What You Need to Know About New Jersey Criminal Defense Laws: Tips from Top Lawyers

  • Criminal Defense

Criminal Defense Laws and Facts You Might Not Know

Knowledge of New Jersey laws is imperative for presenting a strong criminal defense if you are accused of a crime. Of course, you don’t have to possess this knowledge yourself. This is why you connect with an experienced criminal defense attorney.

Whether you’re dealing with assault charges, facing a DUI charge, or have been accused of any other crime, a defense attorney in New Jersey can provide you with guidance about the criminal justice system, help you understand your options, work to protect your rights, and help you build a case for your defense.

However, there are some laws and legal principles you might want to know even before you get to that point.

Can’t You Just Go With a Public Defender?

Many people know that they have a right to an attorney. Chances are you’ve heard the phrase, “you have a right to an attorney; if you can’t afford one, one will be provided for you” on television legal dramas.

What many people don’t know is that there are specific income thresholds that govern whether or not you are eligible for public defender services. In New Jersey, income eligibility for indigent defense services guidelines are updated regularly.

For example, according to data published in 2022 by the New Jersey Courts, someone who is part of a household of four people must make $34,687.50 or less annually to qualify for indigent defense services.

Understanding the Duty to Retreat and Castle Laws

Self-defense may sound like a good defense against certain crimes. For example, if you are being charged with assault, can you make a case that you felt threatened and were protecting yourself?

In some cases, yes. Claiming self-defense is a potential strategy. However, two other laws come into play when considering this approach.

Duty to Retreat

In New Jersey, individuals have a legal duty to retreat. This means if a person feels threatened or believes that their person or life is in danger, they must retreat from the situation if it is possible to do so.

For example, if someone is at a local park and feels threatened by someone else, they might run away, make their way to their car and drive away, or move to an area with more people.

If someone has the option to retreat and chooses to use force to defend themselves instead, these facts might negatively impact their self-defense claims.

If you cannot reasonably retreat and resort to using force for self-defense, the incident must meet three requirements for self-defense to be a viable criminal defense strategy. First, the force used to protect yourself must be deemed necessary. Second, the force used by the other person must be unlawful in nature. Finally, there must be a reasonable expectation that immediate force on your part was required for defense.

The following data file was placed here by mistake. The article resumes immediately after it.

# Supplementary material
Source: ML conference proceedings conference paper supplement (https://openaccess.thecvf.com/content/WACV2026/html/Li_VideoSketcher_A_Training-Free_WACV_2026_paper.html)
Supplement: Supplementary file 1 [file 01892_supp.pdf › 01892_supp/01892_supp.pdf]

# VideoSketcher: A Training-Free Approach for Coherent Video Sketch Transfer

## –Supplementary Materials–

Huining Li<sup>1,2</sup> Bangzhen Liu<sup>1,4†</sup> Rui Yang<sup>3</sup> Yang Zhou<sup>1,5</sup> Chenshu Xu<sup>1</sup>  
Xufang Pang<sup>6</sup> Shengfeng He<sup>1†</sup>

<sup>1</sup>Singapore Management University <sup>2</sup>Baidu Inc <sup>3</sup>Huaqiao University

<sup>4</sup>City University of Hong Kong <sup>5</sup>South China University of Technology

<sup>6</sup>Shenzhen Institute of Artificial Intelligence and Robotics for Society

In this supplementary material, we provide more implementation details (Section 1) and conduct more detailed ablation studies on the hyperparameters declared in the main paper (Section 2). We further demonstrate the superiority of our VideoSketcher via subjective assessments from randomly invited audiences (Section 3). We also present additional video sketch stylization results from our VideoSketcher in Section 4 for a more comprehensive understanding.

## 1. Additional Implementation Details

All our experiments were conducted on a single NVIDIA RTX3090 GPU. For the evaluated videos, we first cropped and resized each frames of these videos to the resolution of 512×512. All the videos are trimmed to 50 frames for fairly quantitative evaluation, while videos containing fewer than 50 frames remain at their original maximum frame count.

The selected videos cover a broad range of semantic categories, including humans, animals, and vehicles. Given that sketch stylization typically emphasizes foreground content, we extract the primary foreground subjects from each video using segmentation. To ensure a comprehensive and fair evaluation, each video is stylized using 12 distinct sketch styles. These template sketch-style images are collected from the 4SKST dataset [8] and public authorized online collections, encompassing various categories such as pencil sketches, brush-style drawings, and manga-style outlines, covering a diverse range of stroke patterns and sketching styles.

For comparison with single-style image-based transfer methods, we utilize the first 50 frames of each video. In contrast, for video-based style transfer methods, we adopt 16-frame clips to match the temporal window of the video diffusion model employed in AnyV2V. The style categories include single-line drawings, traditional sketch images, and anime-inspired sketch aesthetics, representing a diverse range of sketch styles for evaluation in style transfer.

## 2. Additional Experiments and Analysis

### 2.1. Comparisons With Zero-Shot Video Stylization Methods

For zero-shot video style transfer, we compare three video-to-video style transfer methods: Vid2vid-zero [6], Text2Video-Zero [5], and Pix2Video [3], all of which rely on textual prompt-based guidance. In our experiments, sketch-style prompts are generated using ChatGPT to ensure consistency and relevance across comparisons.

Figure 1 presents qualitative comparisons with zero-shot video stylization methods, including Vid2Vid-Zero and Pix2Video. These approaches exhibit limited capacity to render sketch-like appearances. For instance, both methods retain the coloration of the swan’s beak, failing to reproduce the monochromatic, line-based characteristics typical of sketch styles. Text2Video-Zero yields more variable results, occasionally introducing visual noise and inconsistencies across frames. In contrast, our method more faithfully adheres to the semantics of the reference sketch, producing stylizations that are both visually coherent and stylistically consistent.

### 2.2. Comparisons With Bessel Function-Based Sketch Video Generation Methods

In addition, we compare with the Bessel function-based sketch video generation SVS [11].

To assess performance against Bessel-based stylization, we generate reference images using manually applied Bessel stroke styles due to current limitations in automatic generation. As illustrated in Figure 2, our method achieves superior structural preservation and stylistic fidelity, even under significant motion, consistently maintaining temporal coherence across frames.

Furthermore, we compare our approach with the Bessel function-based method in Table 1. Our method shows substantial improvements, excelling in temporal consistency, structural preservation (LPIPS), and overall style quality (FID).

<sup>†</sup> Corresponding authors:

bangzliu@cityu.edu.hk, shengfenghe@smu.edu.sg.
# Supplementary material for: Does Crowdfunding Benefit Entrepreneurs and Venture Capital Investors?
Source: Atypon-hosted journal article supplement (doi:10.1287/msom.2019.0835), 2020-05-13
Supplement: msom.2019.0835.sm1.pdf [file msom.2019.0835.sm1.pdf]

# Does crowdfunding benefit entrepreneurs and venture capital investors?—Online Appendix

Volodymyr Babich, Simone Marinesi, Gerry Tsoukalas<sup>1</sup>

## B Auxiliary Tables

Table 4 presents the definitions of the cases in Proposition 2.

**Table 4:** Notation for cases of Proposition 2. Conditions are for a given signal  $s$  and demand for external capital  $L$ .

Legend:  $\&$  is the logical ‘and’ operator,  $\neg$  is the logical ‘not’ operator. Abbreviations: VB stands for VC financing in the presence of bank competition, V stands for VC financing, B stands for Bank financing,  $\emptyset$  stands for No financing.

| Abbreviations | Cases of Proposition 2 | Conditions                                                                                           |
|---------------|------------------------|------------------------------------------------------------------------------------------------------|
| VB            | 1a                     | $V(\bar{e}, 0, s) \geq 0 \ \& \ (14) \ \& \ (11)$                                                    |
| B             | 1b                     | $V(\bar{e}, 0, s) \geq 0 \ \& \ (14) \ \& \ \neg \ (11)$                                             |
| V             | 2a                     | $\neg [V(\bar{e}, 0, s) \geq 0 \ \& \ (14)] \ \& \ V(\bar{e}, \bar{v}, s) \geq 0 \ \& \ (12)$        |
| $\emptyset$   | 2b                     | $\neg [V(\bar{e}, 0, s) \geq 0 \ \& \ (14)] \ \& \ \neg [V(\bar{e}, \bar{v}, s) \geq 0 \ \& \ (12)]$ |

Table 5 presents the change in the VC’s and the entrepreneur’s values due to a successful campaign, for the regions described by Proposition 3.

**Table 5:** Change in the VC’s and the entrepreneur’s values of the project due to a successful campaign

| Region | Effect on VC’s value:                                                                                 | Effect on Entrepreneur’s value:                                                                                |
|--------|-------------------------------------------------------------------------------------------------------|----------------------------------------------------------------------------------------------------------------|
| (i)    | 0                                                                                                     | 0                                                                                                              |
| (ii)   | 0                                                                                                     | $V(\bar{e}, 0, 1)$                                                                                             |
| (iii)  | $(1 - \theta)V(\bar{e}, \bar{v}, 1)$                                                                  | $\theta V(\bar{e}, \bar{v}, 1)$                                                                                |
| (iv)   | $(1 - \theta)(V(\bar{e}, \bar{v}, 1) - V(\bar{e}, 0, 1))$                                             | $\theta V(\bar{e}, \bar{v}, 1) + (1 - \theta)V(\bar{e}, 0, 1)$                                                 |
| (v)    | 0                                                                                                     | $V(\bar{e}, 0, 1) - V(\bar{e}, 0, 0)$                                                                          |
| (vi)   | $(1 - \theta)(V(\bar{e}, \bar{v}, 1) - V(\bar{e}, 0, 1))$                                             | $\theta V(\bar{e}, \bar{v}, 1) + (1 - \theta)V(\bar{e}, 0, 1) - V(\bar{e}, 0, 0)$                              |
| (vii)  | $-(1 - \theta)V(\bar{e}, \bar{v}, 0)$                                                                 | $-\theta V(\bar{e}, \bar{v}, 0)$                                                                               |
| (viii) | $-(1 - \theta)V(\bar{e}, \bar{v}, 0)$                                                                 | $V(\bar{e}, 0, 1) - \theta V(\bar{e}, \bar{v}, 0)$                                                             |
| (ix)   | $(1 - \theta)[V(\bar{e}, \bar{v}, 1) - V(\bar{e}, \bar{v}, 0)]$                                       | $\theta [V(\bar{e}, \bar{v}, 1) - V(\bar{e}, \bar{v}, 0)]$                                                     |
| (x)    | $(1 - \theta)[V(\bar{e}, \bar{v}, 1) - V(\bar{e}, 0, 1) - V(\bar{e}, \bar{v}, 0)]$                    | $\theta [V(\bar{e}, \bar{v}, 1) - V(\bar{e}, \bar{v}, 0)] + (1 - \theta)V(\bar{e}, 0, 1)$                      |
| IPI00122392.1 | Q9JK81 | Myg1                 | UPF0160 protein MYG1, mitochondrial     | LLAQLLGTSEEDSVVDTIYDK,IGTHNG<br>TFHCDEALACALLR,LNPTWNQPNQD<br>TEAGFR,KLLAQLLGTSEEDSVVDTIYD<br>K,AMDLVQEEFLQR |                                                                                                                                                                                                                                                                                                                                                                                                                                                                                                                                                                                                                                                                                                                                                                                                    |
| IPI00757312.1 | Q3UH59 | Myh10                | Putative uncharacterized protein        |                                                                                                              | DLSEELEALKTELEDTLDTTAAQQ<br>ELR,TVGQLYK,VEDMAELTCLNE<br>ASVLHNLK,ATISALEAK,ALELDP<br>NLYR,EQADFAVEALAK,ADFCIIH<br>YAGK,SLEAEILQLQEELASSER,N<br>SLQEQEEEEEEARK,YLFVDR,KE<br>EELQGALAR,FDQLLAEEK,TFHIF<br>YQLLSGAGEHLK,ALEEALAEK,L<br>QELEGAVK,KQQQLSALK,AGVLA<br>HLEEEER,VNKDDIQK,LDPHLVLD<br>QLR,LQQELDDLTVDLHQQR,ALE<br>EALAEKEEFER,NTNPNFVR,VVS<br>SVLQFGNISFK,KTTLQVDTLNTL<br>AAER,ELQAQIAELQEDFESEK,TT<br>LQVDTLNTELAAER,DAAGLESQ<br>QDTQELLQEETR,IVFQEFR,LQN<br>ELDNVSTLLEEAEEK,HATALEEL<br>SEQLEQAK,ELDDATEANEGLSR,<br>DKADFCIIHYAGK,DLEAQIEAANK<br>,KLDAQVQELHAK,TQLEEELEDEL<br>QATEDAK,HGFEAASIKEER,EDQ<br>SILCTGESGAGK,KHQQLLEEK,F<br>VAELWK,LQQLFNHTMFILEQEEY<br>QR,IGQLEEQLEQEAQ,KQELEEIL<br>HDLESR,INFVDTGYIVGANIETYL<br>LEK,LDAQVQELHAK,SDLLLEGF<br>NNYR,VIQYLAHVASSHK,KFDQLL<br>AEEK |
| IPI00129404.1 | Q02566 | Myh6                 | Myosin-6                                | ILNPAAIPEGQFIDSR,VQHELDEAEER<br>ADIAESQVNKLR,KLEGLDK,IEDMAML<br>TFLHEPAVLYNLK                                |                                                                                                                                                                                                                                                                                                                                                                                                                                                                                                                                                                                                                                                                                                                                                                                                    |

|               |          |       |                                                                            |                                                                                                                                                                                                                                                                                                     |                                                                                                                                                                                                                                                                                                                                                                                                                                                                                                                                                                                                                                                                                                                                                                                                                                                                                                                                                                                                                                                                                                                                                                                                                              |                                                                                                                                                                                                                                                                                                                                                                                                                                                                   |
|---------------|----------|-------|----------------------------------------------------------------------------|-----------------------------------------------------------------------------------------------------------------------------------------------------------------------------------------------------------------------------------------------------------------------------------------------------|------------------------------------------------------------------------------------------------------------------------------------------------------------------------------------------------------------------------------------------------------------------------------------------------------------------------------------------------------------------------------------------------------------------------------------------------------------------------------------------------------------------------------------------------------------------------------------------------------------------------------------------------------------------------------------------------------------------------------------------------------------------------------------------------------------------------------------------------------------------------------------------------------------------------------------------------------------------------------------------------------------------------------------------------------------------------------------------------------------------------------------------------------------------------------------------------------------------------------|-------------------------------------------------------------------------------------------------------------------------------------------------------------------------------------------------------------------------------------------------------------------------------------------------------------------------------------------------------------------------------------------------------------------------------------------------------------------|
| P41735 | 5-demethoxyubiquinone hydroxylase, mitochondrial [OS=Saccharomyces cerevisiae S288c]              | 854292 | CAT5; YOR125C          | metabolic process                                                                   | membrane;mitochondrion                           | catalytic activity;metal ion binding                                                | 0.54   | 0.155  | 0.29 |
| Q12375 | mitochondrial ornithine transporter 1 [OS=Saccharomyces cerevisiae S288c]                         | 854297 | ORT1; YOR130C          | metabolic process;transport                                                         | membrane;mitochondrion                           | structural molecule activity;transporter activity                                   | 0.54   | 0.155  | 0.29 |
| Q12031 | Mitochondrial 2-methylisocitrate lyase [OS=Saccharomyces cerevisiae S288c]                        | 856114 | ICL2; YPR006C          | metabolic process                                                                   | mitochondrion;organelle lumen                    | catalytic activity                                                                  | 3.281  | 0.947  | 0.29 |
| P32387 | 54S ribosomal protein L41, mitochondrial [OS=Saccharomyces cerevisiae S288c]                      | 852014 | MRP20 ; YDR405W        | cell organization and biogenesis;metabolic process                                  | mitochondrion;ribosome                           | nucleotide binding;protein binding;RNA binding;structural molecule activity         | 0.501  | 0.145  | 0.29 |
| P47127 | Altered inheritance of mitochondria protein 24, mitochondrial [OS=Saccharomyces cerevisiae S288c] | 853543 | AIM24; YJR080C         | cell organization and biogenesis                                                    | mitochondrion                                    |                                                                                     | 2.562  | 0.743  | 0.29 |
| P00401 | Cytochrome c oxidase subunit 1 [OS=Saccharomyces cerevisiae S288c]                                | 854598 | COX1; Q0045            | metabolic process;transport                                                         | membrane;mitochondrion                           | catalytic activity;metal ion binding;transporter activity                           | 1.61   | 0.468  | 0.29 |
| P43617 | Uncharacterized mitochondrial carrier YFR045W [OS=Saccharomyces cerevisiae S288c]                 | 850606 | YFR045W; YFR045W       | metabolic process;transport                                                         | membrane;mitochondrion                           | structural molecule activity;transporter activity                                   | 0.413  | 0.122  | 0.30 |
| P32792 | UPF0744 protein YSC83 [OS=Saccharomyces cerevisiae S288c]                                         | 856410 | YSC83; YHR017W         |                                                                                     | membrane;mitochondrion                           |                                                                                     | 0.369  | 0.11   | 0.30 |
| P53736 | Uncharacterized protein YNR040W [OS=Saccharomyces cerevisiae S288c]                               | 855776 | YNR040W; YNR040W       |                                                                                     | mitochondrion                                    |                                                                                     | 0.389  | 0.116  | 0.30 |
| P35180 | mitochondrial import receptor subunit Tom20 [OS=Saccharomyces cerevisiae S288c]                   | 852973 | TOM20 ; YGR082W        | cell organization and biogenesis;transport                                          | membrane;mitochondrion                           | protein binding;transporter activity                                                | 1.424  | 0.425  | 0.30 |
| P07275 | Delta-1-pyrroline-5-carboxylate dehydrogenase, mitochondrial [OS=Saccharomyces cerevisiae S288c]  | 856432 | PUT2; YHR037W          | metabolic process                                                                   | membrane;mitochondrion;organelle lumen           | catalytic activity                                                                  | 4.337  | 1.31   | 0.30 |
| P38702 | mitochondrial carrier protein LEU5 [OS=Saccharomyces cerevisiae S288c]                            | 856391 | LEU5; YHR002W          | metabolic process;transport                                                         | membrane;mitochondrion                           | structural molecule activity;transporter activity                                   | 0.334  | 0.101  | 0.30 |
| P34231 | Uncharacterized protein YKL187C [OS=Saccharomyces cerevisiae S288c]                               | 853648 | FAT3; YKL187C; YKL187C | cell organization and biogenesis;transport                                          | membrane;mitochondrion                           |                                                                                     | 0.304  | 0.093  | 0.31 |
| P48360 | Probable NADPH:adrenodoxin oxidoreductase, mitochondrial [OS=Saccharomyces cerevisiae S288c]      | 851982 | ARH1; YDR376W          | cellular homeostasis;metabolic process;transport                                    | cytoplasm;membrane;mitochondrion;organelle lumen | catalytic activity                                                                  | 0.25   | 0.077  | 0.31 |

Castle Doctrine

An exception to the duty to retreat is found in the castle doctrine. If someone is in their own home and is threatened by an attack, they can use force to defend themselves or their family without first attempting to retreat.

However, even in this case, if the force used is substantial and causes the serious injury or death of another, the homeowner may be arrested and face potential charges. The strength of their defense and other factors may determine whether they are charged and what types of charges they face. In such a case, it can be beneficial to have a criminal defense attorney working on your behalf from the beginning.

Knowing—and Protecting—Your Rights

Criminal defendants have a number of rights. Knowing these rights and having a legal team that can work to protect them can make a significant difference in the outcome of your case.

Some important rights for criminal defendants in New Jersey include:

  • The cross-examination of witnesses. You or your attorney can cross-examine any witness that presents information about your case. This can help support your defense, as the prosecutor may not ask the right questions to demonstrate weaknesses in a case.
  • Adequate representation by an attorney. You don’t just have a right to representation. You have a right to adequate representation, which means if you feel your attorney is not doing a good job, you can fire them and hire another attorney.
  • A public jury trial. While you have a right to trial, going to trial is not always the best strategy for criminal defense. An experienced attorney can help you understand what options might work best in your case and whether you have some favorable options for plea bargains or deals.
  • Protection from double jeopardy. You have a right not to be tried twice for the same crime. However, there are loopholes that can be leveraged depending on whether you are actually tried for a charge or not. Always ensure your attorney explains all the potential consequences of a decision in a criminal defense case so you know what may be at risk in the future.

Know Your Rights and Choose a Legal Team You Can Trust

The Hernandez Law Firm, P.C., works diligently and aggressively to support the rights of our clients and increase the chances of a positive outcome for their cases. To find out more about your rights, how we can protect them, and how we can help with your criminal defense case, reach out at 732-582-5076.

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